What they won’t know is that “Unassuming, Neighborly Ol’ You” is actually a wolf in sheep’s clothing, prepared for the hairiest of situations. In a SHTF scenario skills become tremendously more valuable. You, as a survivalist, own exactly the kinds of skills that other folks will be looking for. You know how to live with less, how to cook from scratch, how to grow a garden with next to nothing, woodsmanship, how to identify edible plants, how to hunt and make your own weapons, blacksmithing, and what have you. Trade those skills, or teach them, for a sizable fee after SHTF. While you certainly shouldn’t bet the farm by being dependent on your ability to barter after SHTF, your chances of survival move way up the sliding scale because of extra flexibility you’ve built in.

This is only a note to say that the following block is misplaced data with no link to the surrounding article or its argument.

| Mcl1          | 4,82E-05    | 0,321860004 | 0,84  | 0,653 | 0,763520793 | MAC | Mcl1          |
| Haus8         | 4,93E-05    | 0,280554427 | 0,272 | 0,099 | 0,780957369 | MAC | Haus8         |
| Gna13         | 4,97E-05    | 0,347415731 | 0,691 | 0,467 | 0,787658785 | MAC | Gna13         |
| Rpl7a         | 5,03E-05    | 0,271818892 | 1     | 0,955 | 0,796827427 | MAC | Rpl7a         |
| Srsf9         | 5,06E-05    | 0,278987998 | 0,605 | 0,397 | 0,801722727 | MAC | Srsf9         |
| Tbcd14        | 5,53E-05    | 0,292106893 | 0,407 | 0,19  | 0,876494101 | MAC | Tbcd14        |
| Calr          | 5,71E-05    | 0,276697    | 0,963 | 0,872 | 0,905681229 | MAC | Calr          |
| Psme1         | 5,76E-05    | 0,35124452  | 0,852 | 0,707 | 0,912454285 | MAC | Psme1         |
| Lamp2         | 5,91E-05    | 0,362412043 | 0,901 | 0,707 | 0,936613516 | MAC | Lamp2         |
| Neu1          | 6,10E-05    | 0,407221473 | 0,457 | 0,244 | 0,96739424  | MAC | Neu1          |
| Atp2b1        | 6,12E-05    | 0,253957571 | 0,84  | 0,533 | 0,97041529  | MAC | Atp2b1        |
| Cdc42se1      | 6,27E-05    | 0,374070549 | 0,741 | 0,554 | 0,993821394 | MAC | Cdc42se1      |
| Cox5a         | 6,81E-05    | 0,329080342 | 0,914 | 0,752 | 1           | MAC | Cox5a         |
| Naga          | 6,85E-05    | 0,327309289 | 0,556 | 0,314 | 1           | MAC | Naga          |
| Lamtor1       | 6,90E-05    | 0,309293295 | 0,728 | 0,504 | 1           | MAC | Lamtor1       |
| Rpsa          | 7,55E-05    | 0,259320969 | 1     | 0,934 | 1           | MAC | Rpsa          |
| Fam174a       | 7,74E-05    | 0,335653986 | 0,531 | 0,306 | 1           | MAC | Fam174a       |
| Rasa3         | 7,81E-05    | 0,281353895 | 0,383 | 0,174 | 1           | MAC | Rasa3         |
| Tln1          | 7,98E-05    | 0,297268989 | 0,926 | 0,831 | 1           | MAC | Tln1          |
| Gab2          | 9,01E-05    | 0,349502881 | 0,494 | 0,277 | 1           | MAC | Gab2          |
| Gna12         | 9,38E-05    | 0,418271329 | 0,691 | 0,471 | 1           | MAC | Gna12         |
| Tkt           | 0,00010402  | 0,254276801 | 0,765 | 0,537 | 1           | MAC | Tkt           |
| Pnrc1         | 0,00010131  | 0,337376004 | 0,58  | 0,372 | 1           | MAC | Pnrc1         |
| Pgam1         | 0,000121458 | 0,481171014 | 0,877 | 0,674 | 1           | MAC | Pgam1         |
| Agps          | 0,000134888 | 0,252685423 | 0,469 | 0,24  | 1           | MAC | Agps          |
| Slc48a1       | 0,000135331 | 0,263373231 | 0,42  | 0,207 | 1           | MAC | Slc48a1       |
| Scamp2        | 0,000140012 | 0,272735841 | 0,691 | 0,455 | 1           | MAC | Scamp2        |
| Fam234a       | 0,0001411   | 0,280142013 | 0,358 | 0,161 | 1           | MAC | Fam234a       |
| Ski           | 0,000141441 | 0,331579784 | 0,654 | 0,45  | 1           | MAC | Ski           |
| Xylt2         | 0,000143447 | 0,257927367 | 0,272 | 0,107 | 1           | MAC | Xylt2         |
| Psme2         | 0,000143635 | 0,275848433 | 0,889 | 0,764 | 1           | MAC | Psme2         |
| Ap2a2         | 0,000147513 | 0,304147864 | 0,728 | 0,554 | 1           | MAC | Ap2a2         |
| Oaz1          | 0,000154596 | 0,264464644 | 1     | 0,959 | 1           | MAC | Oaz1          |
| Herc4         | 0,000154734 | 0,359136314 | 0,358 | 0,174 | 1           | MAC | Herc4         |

We need to be much, much more proactive. Make friends with your neighbors. Don’t advertise how well off you are; your survival might depend on it. Plus, doing this makes your community better, anyway. In fact, that is community.
Your best chance at making it in a widespread SHTF disaster might lie in the social groundwork you’re laying today. In a long-term SHTF event, such as an economic collapse, it won’t matter as much how many cool survival gadgets you own, what kind of tactical vest you wear, or how many rounds of ammunition you’ve stockpiled. What will matter more is the size of the network of social connections you have.
Also, remember not to get lost in the details.